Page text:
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A.J. Burnett’s Curve Not A-OK

Posted By David Golebiewski On May 26, 2010 @ 10:30 am In Today in FanGraphs | 8 Comments

New York Yankees right-hander A.J. Burnett was rolling along last night against the Minnesota Twins, whiffing five batters, walking two and trading zeros with Scott Baker through five innings. And then, for the first time in the short history of Target Field, the rains came and delayed the action. The game was eventually suspended and will be picked up today.

Burnett pounded the zone with his fastball, tossing 35 of his 50 heaters for strikes (70 percent). But while Mother Nature threw a nasty curveball last night, Burnett missed the mark with his hammer — just 10 of 23 curves garnered a strike (43 percent).

According to our Pitch Type Values going back to the 2002 season, Burnett’s deuce has been one of the best offerings in the game. Per 100 pitches thrown, the low-80′s breaking pitch has been worth +1.6 runs above average. Over the 2007-2009 seasons, Burnett’s curve had runs/100 values of +2.03, +1.23 and +1.47, respectively. And he went to the pitch often. Never known for his changeup, Burnett used his curve 26.3 percent in ’07, 29.2 percent in ’08 and 31.1 percent last season.

In 2010, however, A.J. can’t seem to find his plus curveball. The pitch has a -0.14 runs/100 value. According to Pitch F/X data from texasleaguers.com, Burnett’s curve has been thrown for a strike only 47.9 percent of the time this year, compared to 56.4 percent in 2009 (the MLB average is about 58 percent). Batters have whiffed at 12.1 percent of curveballs thrown in 2010, a significant decline from last season’s 16.7 percent whiff rate (11.6 percent MLB average).

Not getting results with the curve, Burnett appears to have lost confidence in the pitch. He has thrown his breaking ball 23.5 percent of the time, preferring to go to his 93-94 MPH fastball on nearly three-quarters of his pitches. Burnett has typically tossed his fastball about two-thirds of the time, but his 2010 heater usage has few peers — among starting pitchers logging at least 50 innings pitched, Burnett trails only Colorado’s Aaron Cook and Seattle’s Doug Fister in fastball percentage.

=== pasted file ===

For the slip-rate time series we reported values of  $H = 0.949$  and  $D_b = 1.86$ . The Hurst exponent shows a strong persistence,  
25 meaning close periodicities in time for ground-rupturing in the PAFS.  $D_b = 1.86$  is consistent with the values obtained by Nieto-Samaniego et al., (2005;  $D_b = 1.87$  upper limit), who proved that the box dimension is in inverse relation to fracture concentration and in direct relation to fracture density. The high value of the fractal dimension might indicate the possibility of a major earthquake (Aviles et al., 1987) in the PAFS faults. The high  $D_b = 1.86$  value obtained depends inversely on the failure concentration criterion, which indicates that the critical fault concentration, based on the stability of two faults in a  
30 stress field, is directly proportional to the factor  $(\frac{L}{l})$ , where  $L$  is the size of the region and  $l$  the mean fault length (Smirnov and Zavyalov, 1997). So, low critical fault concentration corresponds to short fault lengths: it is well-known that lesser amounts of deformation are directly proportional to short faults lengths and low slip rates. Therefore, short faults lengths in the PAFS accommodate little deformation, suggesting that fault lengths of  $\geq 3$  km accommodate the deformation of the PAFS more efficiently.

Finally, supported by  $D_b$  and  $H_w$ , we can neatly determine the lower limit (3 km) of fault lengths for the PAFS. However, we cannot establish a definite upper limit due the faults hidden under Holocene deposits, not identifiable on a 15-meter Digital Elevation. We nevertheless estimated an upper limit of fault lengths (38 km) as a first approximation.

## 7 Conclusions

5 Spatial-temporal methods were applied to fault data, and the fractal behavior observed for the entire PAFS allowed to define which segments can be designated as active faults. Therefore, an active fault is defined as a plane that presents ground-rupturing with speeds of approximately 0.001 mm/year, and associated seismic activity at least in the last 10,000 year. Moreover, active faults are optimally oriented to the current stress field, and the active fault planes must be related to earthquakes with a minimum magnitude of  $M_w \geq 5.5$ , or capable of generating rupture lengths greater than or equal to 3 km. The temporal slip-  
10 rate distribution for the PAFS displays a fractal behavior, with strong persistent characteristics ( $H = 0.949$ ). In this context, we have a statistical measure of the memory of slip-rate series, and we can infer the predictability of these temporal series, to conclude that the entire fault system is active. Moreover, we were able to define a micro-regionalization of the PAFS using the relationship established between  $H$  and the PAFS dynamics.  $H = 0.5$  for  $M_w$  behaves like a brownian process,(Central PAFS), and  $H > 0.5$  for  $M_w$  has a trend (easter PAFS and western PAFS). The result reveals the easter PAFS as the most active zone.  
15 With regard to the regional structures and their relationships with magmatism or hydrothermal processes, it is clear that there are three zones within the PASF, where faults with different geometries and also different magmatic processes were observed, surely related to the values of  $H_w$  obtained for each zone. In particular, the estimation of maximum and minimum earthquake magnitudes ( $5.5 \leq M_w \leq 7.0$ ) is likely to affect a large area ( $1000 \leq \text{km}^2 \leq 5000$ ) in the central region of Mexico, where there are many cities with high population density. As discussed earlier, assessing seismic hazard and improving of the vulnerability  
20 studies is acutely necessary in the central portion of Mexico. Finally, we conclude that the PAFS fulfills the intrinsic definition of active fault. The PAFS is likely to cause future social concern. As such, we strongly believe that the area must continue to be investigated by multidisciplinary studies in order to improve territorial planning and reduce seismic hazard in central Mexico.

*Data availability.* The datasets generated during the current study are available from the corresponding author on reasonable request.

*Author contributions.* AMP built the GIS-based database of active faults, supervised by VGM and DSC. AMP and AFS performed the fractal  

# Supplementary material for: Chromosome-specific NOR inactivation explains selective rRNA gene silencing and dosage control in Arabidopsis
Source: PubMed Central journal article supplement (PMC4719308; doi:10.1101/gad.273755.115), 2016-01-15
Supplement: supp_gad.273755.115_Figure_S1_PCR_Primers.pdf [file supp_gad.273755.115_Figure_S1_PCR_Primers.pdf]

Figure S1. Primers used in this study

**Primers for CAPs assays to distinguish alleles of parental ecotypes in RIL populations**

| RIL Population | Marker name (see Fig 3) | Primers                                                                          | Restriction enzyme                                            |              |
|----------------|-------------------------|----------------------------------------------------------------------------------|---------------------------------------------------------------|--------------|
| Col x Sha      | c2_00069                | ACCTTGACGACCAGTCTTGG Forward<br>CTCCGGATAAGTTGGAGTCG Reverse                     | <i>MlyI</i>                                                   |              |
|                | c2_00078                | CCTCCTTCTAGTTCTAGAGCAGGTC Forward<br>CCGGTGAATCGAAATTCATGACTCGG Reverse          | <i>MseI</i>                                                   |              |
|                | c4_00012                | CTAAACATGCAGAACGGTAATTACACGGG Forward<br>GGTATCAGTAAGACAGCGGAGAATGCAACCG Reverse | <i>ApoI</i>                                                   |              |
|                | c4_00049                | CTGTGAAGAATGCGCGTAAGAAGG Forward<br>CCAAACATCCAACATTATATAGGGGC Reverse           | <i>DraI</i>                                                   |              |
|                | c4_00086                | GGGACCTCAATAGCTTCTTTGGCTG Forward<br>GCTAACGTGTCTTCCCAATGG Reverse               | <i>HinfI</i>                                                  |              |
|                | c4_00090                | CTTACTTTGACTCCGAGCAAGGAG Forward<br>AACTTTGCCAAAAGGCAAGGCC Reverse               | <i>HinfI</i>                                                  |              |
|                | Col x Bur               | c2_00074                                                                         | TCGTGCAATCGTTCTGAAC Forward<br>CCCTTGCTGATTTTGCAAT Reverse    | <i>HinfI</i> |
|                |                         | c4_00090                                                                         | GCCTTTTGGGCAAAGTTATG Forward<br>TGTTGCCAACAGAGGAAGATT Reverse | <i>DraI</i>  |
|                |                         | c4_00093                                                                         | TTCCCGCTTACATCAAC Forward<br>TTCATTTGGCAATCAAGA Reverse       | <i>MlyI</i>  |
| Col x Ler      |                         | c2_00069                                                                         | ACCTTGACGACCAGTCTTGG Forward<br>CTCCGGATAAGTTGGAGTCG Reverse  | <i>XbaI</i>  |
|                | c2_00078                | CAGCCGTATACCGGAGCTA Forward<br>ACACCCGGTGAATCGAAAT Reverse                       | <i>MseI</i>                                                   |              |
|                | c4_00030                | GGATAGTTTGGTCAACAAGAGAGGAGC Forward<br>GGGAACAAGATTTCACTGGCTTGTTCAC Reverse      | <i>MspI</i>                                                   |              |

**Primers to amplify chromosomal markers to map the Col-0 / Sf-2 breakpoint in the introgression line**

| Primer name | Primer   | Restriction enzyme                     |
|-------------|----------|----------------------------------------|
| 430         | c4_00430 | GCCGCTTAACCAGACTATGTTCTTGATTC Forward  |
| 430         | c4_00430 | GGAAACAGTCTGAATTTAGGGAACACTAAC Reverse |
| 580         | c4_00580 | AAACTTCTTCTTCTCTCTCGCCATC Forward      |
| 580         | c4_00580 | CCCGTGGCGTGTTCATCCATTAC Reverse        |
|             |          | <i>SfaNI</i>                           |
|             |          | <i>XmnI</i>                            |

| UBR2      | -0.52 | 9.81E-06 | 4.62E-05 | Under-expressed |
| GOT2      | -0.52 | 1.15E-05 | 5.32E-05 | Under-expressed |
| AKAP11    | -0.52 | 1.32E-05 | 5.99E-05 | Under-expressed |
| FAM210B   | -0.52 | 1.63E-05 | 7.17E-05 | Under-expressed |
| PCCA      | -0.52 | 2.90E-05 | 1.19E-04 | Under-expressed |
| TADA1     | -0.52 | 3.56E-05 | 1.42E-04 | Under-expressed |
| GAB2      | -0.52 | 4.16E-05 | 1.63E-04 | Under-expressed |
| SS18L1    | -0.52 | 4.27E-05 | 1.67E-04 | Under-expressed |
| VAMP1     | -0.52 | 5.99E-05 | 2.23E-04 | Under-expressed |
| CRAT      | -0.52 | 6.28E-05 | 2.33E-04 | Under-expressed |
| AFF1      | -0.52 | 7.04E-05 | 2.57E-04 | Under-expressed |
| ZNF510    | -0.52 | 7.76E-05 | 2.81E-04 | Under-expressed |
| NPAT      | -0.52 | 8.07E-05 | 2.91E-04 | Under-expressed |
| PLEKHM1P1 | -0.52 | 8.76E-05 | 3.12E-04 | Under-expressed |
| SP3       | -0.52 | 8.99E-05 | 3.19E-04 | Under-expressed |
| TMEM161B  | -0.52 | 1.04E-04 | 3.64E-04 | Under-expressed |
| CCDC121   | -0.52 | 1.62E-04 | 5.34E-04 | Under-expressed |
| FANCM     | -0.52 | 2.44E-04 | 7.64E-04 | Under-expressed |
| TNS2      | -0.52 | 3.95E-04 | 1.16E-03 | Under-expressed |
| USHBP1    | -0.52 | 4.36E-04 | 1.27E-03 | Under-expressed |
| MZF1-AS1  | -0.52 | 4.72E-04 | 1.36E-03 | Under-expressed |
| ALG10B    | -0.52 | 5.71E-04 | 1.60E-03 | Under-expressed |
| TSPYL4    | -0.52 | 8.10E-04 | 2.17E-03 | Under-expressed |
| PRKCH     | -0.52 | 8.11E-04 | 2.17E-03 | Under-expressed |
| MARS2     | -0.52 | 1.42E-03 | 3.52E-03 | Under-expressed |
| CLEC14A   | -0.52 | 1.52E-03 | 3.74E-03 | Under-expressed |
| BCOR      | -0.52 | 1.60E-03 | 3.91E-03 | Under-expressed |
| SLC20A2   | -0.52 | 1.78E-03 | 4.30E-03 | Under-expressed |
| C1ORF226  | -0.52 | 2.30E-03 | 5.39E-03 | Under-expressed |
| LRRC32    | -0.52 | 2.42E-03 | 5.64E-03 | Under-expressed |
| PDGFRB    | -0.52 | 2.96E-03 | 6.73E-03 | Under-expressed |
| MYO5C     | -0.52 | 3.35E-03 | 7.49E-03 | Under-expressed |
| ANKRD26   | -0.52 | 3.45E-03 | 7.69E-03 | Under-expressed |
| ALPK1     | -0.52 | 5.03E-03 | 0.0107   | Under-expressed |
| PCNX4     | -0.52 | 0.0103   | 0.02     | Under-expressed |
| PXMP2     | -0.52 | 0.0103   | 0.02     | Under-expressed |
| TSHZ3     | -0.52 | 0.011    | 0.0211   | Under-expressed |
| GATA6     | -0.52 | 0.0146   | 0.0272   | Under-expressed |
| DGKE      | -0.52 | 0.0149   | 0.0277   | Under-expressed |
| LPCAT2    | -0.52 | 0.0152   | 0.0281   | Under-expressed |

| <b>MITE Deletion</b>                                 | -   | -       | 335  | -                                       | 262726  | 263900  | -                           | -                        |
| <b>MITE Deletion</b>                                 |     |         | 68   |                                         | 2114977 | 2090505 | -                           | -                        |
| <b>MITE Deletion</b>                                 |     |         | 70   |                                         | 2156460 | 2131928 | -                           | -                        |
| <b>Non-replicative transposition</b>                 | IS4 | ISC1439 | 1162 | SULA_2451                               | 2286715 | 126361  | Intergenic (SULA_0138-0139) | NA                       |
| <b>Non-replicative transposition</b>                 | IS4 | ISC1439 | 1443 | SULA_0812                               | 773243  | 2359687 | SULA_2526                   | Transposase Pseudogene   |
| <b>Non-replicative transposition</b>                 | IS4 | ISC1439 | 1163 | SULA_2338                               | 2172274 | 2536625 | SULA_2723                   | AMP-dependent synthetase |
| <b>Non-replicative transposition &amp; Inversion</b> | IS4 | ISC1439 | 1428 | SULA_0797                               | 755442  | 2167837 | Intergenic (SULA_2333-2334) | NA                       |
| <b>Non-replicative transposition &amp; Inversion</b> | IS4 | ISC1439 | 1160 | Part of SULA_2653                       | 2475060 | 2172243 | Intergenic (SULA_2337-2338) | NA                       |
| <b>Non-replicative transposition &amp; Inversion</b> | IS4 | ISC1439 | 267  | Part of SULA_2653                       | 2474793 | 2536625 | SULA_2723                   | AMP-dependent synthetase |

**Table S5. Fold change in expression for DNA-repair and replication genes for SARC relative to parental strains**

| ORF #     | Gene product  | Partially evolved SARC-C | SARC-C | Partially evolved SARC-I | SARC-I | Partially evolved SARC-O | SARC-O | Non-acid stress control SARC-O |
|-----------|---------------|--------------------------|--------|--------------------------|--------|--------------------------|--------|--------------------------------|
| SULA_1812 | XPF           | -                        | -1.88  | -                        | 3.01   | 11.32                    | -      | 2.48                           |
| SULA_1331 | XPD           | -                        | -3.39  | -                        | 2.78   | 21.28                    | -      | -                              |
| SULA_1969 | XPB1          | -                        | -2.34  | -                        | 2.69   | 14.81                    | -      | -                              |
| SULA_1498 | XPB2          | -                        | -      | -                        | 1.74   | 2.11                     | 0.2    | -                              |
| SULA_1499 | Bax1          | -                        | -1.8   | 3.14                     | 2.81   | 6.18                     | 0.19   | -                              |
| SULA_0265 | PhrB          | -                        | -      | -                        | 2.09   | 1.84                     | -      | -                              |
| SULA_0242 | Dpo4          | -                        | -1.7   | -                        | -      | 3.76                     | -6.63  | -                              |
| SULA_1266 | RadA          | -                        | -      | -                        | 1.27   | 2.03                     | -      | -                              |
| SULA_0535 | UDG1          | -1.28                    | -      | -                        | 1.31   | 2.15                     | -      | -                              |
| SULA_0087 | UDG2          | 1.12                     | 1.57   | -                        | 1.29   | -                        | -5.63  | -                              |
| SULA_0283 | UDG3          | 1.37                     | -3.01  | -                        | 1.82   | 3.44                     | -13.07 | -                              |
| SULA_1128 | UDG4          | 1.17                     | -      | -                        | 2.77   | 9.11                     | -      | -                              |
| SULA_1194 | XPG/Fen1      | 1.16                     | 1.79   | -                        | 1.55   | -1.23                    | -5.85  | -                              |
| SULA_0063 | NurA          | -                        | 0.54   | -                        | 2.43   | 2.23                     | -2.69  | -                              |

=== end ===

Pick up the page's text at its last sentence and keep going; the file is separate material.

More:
Burnett’s four-seamer and sinker have been decent, with a combined run value right around the big league average. But those pitches don’t induce nearly as many swings and misses as breaking stuff. Burnett’s four-seamer has been whiffed at 6.4 percent (6 percent MLB average) and the sinker has a 5.2 whiff percentage (5.4 percent MLB average).

As a result, A.J. isn’t getting K’s like he usually does. Burnett has 6.39 K/9, his lowest mark since 2000 with the Marlins and nearly two punch outs per nine frames lower than his career average (8.3 K/9). The 33-year-old’s swinging strike rate is just seven percent, compared to the 8.3 percent MLB average and Burnett’s 10.2 percent mark since 2002. A.J.’s 83.2 percent contact rate sits well above the 80-81 percent big league average and his 76.5 percent clip dating back to ’02. Since inking a five-year, $82.5 million deal with the Yankees prior to 2009, Burnett hasn’t fooled batters near as much.

His 2010 xFIP (4.35) is similar to his 2009 mark (4.29), as Burnett has walked fewer batters and induced more ground balls compared to last season. But he isn’t pitching like the high-octane starter we came to know in Florida and Toronto. For A.J. to start getting more K’s, he’s going to have to rediscover his curveball.


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